The Passport Program for Beginning Teachers
The American Board's program for new teachers is called the Passport Program. It will provide beginning teachers with a portable, nationally recognized credential that attests to their mastery of the subjects they intend to teach and their understanding of the basic skills needed to be an effective teacher. It is our intention to create a network of new teachers, differing widely in the paths that brought them to the classroom, but united by their impeccably high achievement in the subjects they wish to teach. The core of the Passport Program is rigorous subject-area testing. By comparison, the teacher licensure tests now in use in the different states are minimal competence examinations at best that do not probe subject-area mastery. As the Education Trust pointed out in its 1999 report, "Not Good Enough," the questions these exams pose to prospective teachers are high school level or below, and the qualifying scores that states set for passing the exams allow candidates to miss a remarkably large number of these questions. Such tests do not ensure that future teachers will be up to the academic challenges of the classroom, especially as states implement new and higher academic standards for K-12 students.
ABCTE is taking a different path. The tests we are now designing will be college-level tests, and they will report not just a pass/fail result, but scaled scores. The schools that consider ABCTE-certified candidates will know whether the future teacher passed with an acceptable score or passed with an excellent score. Test results will also report the candidate's performance in specific sub-areas of the discipline she or he will teach. Does the school need a math teacher who is fully proficient in trigonometry and calculus? ABCTE believes that teacher test scores should provide detailed evidence of the candidate's performance in the areas the new teacher will be called upon to teach. The Passport credential will be especially useful to schools and districts interested in opening public school classrooms to career changers (like those in Troops to Teachers) and talented new college graduates (like those in Teach for America).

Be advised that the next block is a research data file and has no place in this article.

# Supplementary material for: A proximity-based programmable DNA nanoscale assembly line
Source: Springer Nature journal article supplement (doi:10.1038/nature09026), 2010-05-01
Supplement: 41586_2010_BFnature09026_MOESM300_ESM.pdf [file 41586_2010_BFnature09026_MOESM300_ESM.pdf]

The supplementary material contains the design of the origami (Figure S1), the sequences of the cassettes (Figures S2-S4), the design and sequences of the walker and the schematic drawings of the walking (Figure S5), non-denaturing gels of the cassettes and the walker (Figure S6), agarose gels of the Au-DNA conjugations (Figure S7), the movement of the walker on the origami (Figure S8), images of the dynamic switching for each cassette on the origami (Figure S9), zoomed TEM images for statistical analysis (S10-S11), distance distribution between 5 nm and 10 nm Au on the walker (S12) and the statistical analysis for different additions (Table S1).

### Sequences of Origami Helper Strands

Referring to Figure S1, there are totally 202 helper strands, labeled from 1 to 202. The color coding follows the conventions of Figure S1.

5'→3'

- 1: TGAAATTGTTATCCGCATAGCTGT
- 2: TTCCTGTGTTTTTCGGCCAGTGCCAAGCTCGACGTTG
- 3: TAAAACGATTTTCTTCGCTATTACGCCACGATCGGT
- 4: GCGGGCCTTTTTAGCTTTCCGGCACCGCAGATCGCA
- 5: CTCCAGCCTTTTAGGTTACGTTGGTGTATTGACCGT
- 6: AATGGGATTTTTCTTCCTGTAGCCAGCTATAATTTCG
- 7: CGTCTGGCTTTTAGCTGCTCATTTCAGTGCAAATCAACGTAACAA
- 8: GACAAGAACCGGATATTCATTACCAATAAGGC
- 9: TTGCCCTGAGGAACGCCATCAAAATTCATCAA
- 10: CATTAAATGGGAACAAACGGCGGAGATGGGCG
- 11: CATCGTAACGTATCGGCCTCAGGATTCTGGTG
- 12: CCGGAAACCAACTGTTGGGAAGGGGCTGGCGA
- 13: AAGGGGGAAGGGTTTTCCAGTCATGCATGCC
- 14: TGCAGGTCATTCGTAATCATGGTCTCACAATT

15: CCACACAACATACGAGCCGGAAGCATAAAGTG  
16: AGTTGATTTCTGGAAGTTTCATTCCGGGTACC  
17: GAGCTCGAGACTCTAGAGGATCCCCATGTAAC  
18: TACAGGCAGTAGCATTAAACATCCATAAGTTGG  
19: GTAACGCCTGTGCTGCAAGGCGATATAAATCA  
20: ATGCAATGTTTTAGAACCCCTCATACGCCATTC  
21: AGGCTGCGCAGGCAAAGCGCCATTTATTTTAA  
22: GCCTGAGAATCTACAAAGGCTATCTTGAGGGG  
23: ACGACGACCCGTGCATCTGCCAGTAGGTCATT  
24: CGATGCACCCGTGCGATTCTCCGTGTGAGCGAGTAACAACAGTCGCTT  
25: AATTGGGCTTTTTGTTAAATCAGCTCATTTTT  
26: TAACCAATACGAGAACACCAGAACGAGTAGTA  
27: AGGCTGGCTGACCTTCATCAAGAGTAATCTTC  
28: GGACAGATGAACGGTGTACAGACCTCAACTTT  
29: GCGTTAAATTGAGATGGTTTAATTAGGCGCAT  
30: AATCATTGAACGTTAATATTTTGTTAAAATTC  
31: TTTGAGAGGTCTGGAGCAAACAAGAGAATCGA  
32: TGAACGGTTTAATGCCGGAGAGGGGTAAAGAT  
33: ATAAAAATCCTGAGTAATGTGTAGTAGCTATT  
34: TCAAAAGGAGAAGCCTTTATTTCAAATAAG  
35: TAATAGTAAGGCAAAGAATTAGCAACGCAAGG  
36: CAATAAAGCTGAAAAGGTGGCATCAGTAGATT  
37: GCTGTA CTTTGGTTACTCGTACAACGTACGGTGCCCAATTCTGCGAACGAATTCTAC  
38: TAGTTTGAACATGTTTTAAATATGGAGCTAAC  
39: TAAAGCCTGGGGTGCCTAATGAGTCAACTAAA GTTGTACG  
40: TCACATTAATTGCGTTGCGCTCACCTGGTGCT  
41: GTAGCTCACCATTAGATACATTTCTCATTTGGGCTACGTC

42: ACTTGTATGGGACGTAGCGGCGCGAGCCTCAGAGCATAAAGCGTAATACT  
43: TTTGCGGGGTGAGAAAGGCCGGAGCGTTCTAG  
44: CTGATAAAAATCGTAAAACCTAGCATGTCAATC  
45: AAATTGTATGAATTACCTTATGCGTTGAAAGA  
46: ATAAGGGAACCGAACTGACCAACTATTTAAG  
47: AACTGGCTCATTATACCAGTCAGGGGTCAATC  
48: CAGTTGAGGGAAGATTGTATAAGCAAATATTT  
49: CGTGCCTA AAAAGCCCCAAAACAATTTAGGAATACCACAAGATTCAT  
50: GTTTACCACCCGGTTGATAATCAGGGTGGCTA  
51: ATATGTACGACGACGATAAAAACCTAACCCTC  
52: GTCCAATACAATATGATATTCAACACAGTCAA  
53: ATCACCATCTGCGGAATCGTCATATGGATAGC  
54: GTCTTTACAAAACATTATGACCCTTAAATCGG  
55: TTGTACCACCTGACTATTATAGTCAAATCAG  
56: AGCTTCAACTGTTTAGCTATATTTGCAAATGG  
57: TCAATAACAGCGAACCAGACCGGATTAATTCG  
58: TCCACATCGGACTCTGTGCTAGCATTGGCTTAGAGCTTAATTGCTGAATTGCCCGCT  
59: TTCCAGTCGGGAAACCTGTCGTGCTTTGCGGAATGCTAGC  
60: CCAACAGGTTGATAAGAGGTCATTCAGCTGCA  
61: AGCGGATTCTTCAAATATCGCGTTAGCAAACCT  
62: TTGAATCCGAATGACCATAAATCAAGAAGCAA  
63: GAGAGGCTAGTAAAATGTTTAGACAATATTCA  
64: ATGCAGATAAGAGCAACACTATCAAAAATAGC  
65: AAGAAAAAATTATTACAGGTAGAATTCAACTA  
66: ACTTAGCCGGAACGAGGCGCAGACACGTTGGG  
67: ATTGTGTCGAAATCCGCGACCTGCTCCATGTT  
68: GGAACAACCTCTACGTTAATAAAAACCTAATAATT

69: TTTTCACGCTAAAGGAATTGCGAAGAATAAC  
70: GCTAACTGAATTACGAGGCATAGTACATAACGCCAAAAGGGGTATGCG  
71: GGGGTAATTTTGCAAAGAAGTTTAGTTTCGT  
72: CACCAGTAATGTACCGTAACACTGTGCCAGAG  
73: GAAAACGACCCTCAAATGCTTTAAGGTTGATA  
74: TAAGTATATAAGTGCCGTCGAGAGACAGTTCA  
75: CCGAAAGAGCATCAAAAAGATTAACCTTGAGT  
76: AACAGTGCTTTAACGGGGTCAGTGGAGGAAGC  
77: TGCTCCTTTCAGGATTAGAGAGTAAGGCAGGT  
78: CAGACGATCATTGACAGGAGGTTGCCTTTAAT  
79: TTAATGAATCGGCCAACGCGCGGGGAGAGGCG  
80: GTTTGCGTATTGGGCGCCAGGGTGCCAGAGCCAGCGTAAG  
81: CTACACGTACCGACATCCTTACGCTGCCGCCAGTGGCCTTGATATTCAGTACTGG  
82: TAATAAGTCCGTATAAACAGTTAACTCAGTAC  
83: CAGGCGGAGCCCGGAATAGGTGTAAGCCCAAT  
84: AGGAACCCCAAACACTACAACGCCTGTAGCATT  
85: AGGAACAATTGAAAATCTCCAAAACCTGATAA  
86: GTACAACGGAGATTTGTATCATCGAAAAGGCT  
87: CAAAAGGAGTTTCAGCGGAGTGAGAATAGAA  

But while being very rigorous in demanding evidence of academic subject area skills, we resist the presumption that completing a particular set of education courses or being familiar with a particular set of education theories is the key to classroom success. We will test for basic competence in handling classroom dynamics and knowledge of school procedures, and then allow new teachers to get the training that professionals agree matters most—on-the-job training. All new teachers, however they enter the profession, benefit from mentoring and induction. ABCTE will get promising candidates to that stage...fast.
The Master Teacher Program
In identifying master teachers, ABCTE's program will rest upon the two pillars of teacher excellence: outstanding knowledge of the subject he or she teaches and proven ability to impart skills and knowledge to students. The system we are designing requires clear evidence of both.
We will test candidates for their subject-area expertise, because a reliable signpost for a teacher's success is his or her own academic achievement. It is the first pillar of teacher excellence. Research shows us that teachers who have distinguished themselves by traditional measures of academic ability, such as college admissions tests, graduation from demanding academic programs, and high performance on tests of verbal ability, have a strong positive impact on student achievement. Analysis of student learning gains in mathematics confirms what our common sense tells us: students learn more from teachers who know their subject. As ABCTE designs the test for mathematics teachers, we are holding to the reasonable inference that the teacher who will be the model of excellence, the master teacher, must know mathematics ... cold. Thousands of students each year in this nation take the demanding AP examinations. They need teachers who can help them reach their goals. The credential we offer for master teachers should serve to encourage scholar-teachers who will be models for their students and models for their colleagues.